But Ip Kin-yuen, a legislator representing the education sector, warned it would be akin to “adding oil to the fire” and could further weaken the government in dealing with the crisis.

Legislator Mr. Tien said protesters could challenge a mask ban and any curfew order, just as tens of thousands of people have defied police bans on rallies and taken to the streets in the past months.

But he said it could work if the government also responds to at least the key demand of the protesters, which is to hold an independent inquiry into alleged police brutality.

“They need to use carrot and stick at the same time,” Mr. Tien said.

Our Morning Update and Evening Update newsletters are written by Globe editors, giving you a concise summary of the day’s most important headlines. Sign up today.

Report an error
Due to technical reasons, we have temporarily removed commenting from our articles. We hope to have this fixed soon. Thank you for your patience. If you are looking to give feedback on our new site, please send it along to feedback@globeandmail.com. If you want to write a letter to the editor, please forward to letters@globeandmail.com.

Welcome to The Globe and Mail’s comment community. This is a space where subscribers can engage with each other and Globe staff. Non-subscribers can read and sort comments but will not be able to engage with them in any way. Click here to subscribe.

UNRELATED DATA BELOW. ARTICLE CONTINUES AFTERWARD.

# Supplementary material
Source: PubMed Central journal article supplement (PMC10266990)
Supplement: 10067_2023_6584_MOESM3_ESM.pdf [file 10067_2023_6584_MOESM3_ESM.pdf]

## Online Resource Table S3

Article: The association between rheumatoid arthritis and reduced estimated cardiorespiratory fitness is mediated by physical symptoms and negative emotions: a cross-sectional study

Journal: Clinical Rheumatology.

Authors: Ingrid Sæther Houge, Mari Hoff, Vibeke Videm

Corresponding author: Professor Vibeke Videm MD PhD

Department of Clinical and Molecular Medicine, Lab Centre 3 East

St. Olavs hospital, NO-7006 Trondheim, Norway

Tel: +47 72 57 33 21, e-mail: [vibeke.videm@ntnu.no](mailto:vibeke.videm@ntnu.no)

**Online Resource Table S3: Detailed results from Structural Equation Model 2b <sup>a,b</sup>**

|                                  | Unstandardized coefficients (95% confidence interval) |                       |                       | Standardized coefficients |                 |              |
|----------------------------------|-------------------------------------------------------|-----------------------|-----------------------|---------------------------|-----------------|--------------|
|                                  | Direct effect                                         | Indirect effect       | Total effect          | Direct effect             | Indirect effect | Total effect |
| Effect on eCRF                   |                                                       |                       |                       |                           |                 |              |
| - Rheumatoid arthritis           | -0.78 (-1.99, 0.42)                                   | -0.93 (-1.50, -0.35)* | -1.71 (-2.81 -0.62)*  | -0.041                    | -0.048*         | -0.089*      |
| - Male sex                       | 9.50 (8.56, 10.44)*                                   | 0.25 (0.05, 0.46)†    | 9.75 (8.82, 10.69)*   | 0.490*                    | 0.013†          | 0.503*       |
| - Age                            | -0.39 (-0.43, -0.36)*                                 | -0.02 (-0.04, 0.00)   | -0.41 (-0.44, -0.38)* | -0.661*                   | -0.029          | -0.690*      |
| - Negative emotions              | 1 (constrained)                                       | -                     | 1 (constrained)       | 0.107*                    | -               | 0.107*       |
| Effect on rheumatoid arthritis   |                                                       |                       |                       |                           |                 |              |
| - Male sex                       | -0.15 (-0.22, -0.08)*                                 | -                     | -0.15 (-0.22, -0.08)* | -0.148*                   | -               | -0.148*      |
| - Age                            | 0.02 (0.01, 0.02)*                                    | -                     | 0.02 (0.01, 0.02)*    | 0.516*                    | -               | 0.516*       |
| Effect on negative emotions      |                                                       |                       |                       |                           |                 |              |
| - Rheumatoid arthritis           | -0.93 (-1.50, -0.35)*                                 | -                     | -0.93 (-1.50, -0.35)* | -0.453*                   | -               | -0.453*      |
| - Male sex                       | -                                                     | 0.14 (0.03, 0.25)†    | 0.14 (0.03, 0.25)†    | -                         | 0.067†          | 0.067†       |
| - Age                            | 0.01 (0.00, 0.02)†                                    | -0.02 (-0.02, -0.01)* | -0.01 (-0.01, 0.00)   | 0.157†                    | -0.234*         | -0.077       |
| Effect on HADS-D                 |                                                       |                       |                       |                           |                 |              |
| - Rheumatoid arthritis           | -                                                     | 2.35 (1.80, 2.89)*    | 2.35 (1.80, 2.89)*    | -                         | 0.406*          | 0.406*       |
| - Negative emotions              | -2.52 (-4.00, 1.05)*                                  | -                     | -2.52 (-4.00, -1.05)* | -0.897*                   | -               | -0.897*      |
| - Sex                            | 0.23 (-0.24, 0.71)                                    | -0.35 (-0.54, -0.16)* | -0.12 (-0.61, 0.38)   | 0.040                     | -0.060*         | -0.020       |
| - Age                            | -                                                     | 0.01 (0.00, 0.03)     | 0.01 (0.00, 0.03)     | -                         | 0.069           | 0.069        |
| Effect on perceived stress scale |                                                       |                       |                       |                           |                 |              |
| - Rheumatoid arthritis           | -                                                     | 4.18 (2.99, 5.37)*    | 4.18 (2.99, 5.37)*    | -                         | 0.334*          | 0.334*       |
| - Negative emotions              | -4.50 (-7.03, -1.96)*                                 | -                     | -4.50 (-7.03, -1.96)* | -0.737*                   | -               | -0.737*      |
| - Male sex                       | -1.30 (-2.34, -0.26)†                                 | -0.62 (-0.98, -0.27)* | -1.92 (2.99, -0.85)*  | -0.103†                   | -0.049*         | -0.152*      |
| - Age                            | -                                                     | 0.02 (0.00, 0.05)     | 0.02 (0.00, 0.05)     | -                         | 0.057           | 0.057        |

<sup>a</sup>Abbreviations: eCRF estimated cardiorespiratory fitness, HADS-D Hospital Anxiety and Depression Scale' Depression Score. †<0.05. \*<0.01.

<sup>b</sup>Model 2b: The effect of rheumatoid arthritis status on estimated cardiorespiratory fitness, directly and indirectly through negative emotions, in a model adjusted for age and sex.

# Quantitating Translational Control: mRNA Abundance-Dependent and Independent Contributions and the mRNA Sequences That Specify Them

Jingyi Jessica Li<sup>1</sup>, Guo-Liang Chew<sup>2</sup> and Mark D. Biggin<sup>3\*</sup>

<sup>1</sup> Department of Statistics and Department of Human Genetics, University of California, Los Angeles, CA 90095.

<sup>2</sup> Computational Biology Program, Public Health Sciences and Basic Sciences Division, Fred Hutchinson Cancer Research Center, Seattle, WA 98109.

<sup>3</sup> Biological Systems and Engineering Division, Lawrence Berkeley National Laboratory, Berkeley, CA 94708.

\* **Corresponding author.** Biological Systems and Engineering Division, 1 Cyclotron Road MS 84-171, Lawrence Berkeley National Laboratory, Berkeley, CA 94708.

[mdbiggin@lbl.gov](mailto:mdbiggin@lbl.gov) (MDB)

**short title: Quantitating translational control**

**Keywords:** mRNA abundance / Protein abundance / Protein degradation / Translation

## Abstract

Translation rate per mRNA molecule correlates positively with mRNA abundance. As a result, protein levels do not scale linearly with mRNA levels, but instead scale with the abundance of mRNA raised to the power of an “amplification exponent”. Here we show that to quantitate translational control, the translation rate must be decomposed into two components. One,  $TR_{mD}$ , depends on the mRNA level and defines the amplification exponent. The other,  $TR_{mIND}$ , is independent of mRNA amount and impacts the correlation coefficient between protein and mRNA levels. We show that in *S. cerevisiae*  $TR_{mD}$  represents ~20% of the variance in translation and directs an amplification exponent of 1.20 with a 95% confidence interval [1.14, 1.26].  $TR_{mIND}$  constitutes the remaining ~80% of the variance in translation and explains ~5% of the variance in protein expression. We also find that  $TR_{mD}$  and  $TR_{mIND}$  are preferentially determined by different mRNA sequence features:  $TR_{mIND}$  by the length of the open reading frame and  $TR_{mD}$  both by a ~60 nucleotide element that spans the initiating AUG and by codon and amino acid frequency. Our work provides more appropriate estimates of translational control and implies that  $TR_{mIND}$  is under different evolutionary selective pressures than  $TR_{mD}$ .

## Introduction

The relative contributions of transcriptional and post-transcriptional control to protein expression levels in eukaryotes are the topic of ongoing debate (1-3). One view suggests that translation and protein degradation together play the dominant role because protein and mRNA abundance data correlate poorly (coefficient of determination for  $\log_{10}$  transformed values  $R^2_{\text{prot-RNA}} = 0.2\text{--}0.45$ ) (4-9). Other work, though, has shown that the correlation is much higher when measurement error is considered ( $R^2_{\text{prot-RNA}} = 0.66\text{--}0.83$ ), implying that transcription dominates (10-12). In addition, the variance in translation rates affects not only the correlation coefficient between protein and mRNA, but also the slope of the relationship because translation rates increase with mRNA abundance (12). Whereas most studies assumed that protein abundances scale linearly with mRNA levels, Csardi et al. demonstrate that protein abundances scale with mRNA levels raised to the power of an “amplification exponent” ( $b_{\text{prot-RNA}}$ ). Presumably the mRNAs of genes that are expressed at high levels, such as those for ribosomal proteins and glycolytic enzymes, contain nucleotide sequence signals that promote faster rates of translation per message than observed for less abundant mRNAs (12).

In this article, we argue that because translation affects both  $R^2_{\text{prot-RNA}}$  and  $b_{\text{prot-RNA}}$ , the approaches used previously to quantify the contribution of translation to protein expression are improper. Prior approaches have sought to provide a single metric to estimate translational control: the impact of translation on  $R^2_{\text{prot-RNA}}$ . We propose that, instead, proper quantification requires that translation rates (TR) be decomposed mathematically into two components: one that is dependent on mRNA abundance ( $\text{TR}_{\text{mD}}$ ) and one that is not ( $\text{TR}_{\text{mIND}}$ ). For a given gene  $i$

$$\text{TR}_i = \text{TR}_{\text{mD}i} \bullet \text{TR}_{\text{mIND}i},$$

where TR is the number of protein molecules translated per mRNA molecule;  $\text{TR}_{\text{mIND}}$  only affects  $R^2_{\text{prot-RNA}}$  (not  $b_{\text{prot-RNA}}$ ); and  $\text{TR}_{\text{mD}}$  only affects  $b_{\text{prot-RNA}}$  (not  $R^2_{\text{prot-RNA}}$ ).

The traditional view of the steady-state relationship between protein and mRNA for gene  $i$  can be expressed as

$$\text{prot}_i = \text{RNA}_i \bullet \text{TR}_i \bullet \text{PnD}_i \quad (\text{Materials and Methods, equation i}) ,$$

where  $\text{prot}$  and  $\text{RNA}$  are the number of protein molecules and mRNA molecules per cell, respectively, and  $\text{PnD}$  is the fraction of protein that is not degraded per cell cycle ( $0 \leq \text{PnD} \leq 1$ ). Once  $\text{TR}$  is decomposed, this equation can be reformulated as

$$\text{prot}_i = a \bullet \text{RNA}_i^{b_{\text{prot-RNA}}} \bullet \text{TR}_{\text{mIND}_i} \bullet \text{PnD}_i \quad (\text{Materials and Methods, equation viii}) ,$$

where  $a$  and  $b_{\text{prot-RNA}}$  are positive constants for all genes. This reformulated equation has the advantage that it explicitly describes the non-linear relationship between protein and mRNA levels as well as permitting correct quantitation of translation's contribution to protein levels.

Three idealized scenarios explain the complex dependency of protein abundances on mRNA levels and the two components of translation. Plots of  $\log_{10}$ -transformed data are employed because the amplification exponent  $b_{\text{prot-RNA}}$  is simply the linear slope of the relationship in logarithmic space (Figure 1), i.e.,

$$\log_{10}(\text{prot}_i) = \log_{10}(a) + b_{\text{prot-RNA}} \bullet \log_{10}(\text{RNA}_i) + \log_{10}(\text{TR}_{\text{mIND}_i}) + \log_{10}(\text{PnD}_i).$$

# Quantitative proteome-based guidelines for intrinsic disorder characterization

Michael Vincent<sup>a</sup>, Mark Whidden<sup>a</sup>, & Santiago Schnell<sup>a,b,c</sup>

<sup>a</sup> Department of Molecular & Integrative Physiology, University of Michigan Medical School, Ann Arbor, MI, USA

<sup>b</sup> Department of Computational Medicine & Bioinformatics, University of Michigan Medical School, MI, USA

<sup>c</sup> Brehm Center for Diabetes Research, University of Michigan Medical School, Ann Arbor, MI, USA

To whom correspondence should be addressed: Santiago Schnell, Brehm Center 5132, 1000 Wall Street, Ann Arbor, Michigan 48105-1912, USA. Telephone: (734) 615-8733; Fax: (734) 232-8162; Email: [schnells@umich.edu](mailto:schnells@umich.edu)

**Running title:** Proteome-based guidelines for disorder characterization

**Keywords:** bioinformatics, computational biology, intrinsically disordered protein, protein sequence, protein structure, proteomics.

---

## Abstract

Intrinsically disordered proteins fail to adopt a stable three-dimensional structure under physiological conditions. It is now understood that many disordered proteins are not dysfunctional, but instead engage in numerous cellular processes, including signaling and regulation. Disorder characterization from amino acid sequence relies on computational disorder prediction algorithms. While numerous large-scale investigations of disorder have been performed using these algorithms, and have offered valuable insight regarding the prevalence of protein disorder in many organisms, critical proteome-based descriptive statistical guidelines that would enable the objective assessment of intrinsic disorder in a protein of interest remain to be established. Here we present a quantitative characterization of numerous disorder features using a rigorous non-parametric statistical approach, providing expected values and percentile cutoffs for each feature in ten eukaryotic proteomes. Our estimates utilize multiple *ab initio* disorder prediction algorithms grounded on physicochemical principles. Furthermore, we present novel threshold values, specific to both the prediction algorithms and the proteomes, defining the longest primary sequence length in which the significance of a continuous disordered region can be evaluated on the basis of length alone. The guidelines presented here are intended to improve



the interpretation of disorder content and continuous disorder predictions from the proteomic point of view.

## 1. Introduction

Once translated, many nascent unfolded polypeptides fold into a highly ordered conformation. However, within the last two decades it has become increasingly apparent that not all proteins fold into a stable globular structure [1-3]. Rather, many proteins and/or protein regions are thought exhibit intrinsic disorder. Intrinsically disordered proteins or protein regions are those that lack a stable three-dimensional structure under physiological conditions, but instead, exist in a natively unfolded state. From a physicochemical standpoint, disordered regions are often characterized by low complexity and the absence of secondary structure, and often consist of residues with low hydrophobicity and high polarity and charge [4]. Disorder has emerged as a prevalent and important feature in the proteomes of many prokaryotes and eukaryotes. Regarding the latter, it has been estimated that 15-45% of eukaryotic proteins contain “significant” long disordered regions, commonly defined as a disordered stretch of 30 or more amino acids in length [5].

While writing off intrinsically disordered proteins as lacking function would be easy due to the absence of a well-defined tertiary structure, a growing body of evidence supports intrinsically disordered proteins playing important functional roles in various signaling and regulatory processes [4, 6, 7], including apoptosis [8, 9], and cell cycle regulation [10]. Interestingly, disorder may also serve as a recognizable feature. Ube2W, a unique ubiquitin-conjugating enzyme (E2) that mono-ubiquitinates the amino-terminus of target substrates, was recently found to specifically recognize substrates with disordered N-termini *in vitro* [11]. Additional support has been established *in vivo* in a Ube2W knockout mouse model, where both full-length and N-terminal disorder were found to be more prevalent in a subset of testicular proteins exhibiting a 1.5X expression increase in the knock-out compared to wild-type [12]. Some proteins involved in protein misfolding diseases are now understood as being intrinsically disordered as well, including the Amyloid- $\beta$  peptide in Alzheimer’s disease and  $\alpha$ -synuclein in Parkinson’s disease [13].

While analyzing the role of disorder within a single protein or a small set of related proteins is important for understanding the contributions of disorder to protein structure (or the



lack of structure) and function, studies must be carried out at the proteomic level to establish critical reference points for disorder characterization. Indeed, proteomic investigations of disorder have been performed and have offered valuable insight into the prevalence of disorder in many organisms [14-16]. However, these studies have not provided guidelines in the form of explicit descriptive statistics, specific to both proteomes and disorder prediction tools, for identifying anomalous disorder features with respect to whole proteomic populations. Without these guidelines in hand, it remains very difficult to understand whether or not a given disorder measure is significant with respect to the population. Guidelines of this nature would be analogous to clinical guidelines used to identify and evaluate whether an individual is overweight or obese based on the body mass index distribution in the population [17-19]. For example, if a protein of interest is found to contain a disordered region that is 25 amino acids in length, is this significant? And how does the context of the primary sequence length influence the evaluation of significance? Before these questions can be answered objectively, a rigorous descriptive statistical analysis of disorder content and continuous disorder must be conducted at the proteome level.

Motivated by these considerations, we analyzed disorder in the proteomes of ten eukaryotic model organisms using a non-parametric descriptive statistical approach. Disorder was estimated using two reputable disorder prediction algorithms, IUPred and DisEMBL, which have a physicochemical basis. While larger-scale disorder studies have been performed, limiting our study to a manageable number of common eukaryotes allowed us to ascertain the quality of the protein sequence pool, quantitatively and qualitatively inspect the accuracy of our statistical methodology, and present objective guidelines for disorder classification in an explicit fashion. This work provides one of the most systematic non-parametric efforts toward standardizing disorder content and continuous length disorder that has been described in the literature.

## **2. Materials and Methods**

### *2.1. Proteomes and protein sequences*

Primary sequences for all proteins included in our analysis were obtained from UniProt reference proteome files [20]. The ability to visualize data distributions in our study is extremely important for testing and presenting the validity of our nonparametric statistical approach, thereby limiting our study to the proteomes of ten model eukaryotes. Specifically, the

If you would like to write a letter to the editor, please forward it to letters@globeandmail.com. Readers can also interact with The Globe on Facebook and Twitter .

Welcome to The Globe and Mail’s comment community. This is a space where subscribers can engage with each other and Globe staff. Non-subscribers can read and sort comments but will not be able to engage with them in any way. Click here to subscribe.

If you would like to write a letter to the editor, please forward it to letters@globeandmail.com. Readers can also interact with The Globe on Facebook and Twitter .

Welcome to The Globe and Mail’s comment community. This is a space where subscribers can engage with each other and Globe staff.

We aim to create a safe and valuable space for discussion and debate. That means:

  • Treat others as you wish to be treated
  • Criticize ideas, not people
  • Stay on topic
  • Avoid the use of toxic and offensive language
  • Flag bad behaviour

Comments that violate our community guidelines will be removed.

Read our community guidelines here

Discussion loading ...

Cannabis pro newsletter